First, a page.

Mental Health

Work through your worries

When you become preoccupied with the challenges in your life, and you feel overwhelmed by feelings of uneasiness, dread and anxiety, you will benefit from expert advice on how to balance your response to worry.   

Anxiety is not an uncommon or unnecessary emotion. Most people experience feelings of disquiet and discomfort when they are stressed about something, like finances, relationships and work, or when they are excited about a first date, a trip or adventure – even the first day at a new job. But while anxiety is the body’s natural response to stress, when you don’t process stress in a healthy way, or feel totally overwhelmed for an extended period of time, it might be wise to seek professional help.

When a person feels anxious, they experience cognitive, emotional and physical symptoms:

  • Cognitive: negative or disturbing thoughts
  • Emotional: feeling out of control, overwhelmed, scared
  • Physical: sweating, trembling, shortness of breath

‘Anxiety can help us cope, but for people with an anxiety disorder, this emotion can be disabling if it is there all the time,’ explains Professor Anita Padmanabhanunni, a counselling psychologist at Life St Vincent’s, a Life Mental Health unit at Life Vincent Pallotti Hospital. ‘Anxiety is a feature of some of the most common mental health disorders, including generalised anxiety disorder (GAD), panic disorder and social anxiety disorder (SAD).’ 

Generalised anxiety disorder 

‘People with generalised anxiety disorder tend to worry all the time about many different things and have difficulty controlling their worrying. They worry about real things that may happen or hypothetical situations that may not actually happen. People with GAD tend to expect the worst, even when there is no real chance that something bad will occur. Common symptoms associated with GAD are feeling on edge or keyed up, difficulty concentrating, irritability and sleep disturbances.’

Panic disorder

‘Panic disorder is characterised by panic attacks that seem to occur “out of the blue”. These panic attacks can begin suddenly and involve the following symptoms: heart palpitations or accelerated heart rate, feeling light-headed, chest pain or discomfort, shortness of breath and numbness or tingling sensations. People who experience panic attacks often believe that they are “going to die” or are “out of control”. These thoughts tend to increase their anxiety.’ 

Social anxiety disorder

‘People with social anxiety disorder experience high levels of anxiety and distress in social situations or performance-related situations (e.g. giving a presentation at work or school) because they worry about being judged negatively by other people. SAD is not just being shy, it’s a social phobia. People who struggle with SAD try to avoid social situations because they worry that they will say or do something that will lead to criticism or rejection by other people. This avoidance can interfere with their relationships and daily lives. It is common for people suffering from SAD to experience social anxiety symptoms such as nausea, sweating, rapid heartbeat and trembling sensations. These symptoms often arise before they enter the social situation they fear.’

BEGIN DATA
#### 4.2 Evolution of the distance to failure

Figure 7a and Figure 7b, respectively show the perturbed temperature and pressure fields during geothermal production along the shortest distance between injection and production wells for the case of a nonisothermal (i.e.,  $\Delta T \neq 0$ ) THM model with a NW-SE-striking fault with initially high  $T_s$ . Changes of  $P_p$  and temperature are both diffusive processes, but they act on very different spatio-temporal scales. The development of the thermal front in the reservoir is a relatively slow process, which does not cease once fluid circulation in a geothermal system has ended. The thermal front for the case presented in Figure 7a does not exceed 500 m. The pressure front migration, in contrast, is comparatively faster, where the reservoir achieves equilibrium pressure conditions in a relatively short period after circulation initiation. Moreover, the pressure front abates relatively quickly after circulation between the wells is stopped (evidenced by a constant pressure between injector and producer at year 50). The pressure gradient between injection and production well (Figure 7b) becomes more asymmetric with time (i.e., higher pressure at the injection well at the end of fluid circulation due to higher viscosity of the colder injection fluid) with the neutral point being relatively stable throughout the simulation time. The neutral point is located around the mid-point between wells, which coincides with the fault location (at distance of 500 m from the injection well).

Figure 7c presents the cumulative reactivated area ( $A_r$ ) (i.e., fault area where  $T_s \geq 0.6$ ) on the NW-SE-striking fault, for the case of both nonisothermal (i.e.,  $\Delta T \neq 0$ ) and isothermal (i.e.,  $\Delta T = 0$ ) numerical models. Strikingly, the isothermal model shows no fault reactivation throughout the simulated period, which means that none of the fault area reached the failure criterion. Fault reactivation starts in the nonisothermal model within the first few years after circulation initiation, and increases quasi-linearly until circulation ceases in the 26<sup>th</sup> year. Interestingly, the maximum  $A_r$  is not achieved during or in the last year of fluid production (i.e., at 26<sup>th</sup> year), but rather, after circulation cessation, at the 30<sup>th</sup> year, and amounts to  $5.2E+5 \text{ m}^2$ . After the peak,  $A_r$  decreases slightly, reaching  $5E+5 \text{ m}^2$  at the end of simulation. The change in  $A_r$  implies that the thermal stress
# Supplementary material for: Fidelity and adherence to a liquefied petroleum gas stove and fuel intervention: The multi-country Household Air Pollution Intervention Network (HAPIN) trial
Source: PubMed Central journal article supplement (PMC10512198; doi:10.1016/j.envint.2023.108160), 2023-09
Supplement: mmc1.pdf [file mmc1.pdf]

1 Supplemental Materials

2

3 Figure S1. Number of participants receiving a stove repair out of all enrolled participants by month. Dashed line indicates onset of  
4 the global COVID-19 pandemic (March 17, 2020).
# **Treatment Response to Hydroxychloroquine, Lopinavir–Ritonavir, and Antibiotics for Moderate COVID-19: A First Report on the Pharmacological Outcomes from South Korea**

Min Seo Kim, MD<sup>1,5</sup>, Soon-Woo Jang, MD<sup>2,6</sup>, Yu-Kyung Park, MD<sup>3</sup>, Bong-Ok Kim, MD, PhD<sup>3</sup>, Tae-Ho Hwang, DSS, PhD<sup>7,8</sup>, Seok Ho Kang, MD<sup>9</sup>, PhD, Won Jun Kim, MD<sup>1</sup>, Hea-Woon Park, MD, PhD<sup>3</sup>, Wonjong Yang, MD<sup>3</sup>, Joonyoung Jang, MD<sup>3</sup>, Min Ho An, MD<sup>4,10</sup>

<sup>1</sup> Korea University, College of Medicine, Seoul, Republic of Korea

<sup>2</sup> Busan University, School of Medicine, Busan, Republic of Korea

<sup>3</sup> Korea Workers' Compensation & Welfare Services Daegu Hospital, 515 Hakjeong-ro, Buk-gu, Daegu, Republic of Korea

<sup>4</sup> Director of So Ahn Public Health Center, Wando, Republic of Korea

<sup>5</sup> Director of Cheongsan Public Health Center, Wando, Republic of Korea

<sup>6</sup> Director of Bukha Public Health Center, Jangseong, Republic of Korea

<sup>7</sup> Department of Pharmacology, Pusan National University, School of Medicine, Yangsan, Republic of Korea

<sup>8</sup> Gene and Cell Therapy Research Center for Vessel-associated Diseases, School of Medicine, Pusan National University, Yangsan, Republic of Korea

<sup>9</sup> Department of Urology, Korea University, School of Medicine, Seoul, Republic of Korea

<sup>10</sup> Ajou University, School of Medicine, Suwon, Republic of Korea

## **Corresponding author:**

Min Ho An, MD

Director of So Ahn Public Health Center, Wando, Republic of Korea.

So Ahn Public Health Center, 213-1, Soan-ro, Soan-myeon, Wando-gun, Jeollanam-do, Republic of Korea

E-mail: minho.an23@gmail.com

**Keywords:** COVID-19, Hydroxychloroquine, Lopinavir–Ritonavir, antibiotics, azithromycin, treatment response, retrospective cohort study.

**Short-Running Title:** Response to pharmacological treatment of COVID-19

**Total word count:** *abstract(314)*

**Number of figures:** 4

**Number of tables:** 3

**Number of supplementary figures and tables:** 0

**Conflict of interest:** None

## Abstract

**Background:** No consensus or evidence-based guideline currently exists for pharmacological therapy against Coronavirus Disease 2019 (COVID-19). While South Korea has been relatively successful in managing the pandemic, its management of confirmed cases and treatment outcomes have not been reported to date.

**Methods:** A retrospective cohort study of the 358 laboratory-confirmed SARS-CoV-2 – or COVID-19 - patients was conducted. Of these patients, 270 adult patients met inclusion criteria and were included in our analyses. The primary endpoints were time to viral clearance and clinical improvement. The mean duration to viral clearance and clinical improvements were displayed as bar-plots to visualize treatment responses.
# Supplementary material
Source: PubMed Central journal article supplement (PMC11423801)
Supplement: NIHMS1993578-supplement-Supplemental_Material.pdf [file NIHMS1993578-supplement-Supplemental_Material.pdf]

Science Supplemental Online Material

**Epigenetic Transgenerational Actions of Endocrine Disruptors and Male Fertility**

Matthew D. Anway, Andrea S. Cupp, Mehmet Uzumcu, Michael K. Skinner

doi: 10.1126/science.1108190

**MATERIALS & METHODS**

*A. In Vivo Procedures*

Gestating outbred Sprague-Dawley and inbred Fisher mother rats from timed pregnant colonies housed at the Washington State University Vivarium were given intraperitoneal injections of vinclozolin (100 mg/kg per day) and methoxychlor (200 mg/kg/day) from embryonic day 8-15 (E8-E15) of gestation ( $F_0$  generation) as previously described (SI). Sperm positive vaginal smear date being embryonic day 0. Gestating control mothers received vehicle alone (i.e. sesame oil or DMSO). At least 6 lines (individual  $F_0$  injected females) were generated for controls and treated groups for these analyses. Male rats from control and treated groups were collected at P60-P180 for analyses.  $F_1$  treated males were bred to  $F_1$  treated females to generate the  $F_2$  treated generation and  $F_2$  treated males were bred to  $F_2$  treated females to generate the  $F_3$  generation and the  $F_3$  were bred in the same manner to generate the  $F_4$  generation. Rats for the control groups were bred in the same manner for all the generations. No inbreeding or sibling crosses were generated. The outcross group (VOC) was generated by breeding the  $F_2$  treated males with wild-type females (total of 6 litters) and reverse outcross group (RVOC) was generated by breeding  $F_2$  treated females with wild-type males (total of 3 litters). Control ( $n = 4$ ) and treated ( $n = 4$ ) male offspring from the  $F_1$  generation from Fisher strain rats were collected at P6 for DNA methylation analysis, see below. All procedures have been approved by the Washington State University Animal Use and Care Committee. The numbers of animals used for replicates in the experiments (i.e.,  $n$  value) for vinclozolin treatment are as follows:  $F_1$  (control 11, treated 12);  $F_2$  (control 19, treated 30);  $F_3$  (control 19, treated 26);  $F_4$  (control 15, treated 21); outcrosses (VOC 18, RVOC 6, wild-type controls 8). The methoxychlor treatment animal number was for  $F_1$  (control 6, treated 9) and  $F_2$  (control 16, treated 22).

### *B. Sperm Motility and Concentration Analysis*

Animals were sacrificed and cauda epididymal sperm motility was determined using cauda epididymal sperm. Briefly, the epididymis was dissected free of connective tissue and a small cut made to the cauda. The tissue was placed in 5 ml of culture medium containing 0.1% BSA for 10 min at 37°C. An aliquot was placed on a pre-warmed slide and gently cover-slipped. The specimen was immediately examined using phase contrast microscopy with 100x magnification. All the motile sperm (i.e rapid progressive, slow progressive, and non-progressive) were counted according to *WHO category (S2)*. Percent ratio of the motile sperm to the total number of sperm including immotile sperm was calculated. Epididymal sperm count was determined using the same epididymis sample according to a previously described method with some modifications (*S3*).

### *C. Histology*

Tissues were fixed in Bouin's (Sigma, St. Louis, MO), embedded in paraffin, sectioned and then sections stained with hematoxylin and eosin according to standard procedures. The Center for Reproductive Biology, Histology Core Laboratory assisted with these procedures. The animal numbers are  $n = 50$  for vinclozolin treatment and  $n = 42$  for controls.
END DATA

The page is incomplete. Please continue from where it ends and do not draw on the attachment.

‘Anxiety disorders do not go away on their own,’ explains Professor Padmanabhanunni. ‘Treating an anxiety disorder requires professional help. The most effective treatment for anxiety disorders is cognitive behavioural therapy.’ 

Coping strategies for stress management

1. Evaluate your thoughts

Negative thoughts can distort reality and cause you to have feelings of anxiety about a situation that isn’t based on reality. Challenge your fear and interrogate the truth. For example, an honest conversation with your boss could allay the fear of getting fired. This gives you back control and restores calm and could prevent a panic attack in severe cases.

2. Practise deep, focused breathing

Rapid, shallow breathing sends a message to the brain that the body is in fight-or-flight mode, and this results in a flood of the stress hormone cortisol into the bloodstream. Try breathing in for 4 counts and breathing out for 4 counts for 5 minutes in total. Slow, intentional breaths will normalise your heart rate and should provide anxiety relief.

3. Find a distraction

Experts agree that removing yourself from a situation that is causing anxiety is a good way to prevent anxiety, especially if you’re feeling completely overwhelmed. A brisk walk or 15 minutes of yoga, meditation or another form of gentle exercise focuses the mind on the body and brings emotional relief.

Dealing with anxiety

Download our decision tree to help you constructively work through your worry. Start at the bottom of the tree and work your way up.

If you’re concerned that worry is taking over your life or severely affecting your lifestyle, it’s important to consult your general practitioner (GP), who can refer you to a  mental health professional at a facility such as a Life Mental Health unit, where they can help you manage high anxiety and give you the support you need.

The content provided is not intended to be a substitute for professional medical advice, diagnosis or treatment and does not cover every aspect of mental health. Consult a doctor or your nearest emergency unit if you are concerned about your own or a loved one’s mental health. The information is shared on condition that readers will make their own determination, including seeking advice from a qualified healthcare professional. E&OE. Life Healthcare Group Ltd does not accept any responsibility for any loss or damage suffered by the reader as a result of the information provided.